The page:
We’re at the cusp of a technology revolution!
With advances in big data, wearable technology, the internet of everything, smart cities and intelligent transportation, the public sector will be at the centre of it all – driven by the citizen.
From a technology standpoint, we are now in a more agile environment, delivering smaller projects faster – we’re in an environment where failure is acceptable, so long as we learn from it and adapt the solution to meet citizen requirements, albeit quickly. The outlook is changing where our departments are now being tasked with looking increasingly to the future vision as well as simply delivering on the service required presently.
The citizen is driving the need for change
As we move into 2016 and beyond, the citizen will be driving the need for change in public services and our future users of public services have been surrounded and immersed in an unprecedented degree of technology. Unlike so-called “digital immigrants”, the next generation of citizens cannot remember a less technological era. This generation will expect every aspect of their life to be connected, efficient, streamlined and available immediately on demand – not just the technology.
So how do we take our current public services and future-proof them? Become a government that the future generation relates to, that they easily respond to and can quickly consume services from. Build a service that is driven by the needs of the citizen by using the correct technology – open, safe and secure – ensuring that the right people have access to the right data at the right time.
To some, this challenge may sound easy – what’s there to think about, we’ve got the technology and we know the citizen wants it… right? But it might not be as straight forward as we first think.
When the DVLA undertook the project to change the way that citizens engage with Tax Disc services, it wasn’t without its trials. This was a service that was steeped in decades of paper history that then moved to a system completely online and was a challenge for some citizens to get their heads around. However, DVLA went about the change in the right way; they listened to citizens feedback, looked at the improvements they could make on their systems and implemented them gradually through the use of test markets.
Propelling public services into the future
To ensure we propel our public services into the future, we need to have the right foundation in place to support the organisation. We can’t run before we walk, but we have to move quickly to react to the speed of changing technology and the citizen demands – the longer we wait, the bigger the gap between what public services organisations have and what citizens want. And what they will soon demand.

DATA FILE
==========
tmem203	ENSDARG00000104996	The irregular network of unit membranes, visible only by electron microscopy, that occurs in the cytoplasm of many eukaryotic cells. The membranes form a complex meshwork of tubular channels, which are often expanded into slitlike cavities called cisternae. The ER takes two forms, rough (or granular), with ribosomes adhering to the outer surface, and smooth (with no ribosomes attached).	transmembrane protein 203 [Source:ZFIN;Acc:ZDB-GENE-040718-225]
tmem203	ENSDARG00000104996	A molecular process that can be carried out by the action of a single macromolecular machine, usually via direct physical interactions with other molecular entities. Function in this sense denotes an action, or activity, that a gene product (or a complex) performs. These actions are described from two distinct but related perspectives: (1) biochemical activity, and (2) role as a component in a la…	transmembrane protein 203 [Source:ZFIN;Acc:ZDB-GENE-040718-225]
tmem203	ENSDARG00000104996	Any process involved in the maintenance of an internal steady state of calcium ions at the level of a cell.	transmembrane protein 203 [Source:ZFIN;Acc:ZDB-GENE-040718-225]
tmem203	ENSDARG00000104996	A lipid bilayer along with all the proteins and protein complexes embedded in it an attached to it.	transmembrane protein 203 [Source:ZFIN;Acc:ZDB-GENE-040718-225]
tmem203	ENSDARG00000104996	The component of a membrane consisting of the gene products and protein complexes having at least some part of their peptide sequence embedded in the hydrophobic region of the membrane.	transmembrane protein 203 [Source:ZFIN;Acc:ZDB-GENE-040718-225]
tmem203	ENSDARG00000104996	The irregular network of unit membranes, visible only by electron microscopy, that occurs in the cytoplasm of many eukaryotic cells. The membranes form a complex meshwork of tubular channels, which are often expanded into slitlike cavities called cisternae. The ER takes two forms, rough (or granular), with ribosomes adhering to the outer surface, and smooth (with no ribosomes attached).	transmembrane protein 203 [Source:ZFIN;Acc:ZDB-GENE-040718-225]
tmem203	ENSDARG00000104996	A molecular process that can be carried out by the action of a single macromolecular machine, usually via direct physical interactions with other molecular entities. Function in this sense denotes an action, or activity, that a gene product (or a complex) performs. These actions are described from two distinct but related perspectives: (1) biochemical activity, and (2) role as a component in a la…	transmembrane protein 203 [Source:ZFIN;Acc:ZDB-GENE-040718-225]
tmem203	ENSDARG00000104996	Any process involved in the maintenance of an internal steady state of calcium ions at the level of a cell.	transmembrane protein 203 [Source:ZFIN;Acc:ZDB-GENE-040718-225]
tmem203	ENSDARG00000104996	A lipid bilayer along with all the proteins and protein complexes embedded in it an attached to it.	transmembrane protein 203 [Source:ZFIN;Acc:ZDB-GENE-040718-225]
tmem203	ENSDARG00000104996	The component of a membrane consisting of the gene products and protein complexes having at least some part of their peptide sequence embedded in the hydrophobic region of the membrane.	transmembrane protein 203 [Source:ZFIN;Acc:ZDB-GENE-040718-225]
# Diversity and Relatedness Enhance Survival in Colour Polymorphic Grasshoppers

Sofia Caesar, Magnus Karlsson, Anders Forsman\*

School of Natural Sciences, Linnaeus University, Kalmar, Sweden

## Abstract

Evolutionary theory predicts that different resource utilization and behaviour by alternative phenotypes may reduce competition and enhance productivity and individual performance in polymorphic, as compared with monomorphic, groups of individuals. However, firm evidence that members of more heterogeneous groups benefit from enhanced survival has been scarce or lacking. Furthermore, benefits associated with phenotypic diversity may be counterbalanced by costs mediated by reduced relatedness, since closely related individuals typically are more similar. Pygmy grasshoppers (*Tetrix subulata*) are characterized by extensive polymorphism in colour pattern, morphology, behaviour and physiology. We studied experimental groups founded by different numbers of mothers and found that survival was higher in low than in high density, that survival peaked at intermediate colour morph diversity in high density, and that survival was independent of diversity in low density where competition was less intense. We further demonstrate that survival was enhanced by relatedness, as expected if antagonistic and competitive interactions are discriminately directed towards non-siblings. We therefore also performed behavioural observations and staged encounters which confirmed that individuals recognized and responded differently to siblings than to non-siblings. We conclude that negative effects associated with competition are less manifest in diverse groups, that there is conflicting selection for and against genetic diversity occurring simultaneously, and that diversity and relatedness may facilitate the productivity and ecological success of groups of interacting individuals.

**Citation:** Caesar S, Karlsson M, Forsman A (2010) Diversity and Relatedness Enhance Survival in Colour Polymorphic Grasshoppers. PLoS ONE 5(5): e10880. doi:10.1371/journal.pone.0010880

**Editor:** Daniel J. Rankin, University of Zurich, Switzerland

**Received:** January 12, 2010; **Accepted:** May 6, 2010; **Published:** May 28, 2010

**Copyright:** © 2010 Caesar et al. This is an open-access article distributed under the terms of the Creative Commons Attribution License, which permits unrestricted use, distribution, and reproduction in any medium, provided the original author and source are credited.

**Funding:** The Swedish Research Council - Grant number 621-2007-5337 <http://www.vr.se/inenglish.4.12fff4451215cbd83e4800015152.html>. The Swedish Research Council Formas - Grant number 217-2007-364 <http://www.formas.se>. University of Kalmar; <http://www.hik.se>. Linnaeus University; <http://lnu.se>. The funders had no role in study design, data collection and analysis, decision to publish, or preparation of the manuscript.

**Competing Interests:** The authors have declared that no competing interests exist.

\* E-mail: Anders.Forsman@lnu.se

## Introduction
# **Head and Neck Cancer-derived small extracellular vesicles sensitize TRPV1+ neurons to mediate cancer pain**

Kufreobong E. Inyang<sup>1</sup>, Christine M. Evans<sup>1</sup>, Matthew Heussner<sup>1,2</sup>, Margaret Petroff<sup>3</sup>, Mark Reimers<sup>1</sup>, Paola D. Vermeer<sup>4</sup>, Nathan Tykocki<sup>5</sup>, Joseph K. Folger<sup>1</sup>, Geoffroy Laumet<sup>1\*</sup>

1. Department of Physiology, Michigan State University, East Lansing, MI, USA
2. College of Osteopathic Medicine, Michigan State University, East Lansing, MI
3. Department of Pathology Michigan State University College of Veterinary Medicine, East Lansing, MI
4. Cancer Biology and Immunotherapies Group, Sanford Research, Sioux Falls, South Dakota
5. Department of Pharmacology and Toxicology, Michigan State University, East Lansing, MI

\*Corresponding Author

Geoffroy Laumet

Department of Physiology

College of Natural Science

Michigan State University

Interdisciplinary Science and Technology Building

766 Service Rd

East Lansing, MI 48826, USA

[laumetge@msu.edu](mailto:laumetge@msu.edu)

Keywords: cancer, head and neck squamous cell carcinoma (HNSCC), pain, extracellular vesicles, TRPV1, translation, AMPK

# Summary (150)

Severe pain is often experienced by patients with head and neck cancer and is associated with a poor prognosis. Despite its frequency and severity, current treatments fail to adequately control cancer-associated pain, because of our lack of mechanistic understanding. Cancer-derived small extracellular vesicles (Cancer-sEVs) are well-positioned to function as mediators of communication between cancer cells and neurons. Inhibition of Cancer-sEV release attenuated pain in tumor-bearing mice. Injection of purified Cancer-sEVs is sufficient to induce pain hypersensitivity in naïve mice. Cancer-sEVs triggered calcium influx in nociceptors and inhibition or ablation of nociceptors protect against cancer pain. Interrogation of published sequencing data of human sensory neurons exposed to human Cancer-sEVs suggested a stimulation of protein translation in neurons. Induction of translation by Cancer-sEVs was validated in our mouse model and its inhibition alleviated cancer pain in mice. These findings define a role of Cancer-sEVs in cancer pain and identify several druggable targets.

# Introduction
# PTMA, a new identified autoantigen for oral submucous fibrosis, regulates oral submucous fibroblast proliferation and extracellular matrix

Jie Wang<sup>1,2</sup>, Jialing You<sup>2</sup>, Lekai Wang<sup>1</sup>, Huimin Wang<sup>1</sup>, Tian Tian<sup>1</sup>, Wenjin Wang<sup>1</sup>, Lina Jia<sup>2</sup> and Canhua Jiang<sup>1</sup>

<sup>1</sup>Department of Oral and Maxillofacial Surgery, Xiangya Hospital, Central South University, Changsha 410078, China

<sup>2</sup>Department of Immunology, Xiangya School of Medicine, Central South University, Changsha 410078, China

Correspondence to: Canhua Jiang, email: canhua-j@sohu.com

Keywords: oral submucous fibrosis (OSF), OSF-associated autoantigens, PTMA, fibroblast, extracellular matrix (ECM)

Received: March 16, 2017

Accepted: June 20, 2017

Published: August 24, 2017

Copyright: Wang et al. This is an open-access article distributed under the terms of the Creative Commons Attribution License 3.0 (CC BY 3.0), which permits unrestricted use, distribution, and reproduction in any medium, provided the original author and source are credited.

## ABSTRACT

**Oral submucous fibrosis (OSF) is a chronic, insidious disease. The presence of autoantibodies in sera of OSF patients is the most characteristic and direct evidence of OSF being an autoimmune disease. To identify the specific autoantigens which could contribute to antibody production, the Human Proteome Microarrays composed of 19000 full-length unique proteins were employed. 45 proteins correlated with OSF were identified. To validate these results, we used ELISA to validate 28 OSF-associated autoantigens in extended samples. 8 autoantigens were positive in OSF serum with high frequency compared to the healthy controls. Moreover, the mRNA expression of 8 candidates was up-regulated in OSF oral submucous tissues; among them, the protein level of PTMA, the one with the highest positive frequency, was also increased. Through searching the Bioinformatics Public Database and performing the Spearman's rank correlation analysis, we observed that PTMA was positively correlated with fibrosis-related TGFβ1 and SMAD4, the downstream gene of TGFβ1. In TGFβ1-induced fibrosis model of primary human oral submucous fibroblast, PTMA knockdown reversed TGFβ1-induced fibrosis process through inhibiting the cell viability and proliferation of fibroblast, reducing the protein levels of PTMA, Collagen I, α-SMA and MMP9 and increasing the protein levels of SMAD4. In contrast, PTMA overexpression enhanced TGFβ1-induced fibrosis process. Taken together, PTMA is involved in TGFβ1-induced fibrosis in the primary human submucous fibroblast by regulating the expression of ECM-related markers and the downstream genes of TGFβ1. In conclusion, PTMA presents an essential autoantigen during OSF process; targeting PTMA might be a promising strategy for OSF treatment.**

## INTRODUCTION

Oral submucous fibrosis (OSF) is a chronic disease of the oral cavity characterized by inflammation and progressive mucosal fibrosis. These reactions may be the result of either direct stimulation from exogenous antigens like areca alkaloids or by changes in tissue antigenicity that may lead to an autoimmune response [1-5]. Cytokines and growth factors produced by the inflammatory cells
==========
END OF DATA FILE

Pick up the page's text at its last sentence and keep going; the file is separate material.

A good place to start is with your IT – is it capable of supporting your business of the future – be that 5, 10 or 15 years from now? The National Audit Office estimates that £480bn of government revenue is still reliant on legacy ICT. The impact of the reliance on legacy ICT systems is that public service organisations will find it more difficult to achieve the transformation as outlined by GDS. To provide future services, public sector organisations must understand their current IT estate in relation to their desired future estate; what they have and whether it is being retained, updated, replaced or phased out.
When creating your future vision and strategy, it’s important to understand what you have in the here and now. Public service organisations should assess their estate in terms of costs vs. limitations and risks the applications could present. It will require investment, financial and time, this is not a straight forward project, and a lot needs to be done to ensure that public sector organisations move into the future with a more cost efficient, streamlined business.
We can’t escape the fact that the future is technology and it’s about using this technology to create new opportunities. Ultimately the future will be shaped not by what we think is important, but by what the citizen thinks is important. The future public service will ensure that tools won’t be misused, data will be used for good, to protect our citizens, to provide better public services and ultimately improve the economic wellbeing of the country.
Here’s to the future and beyond!
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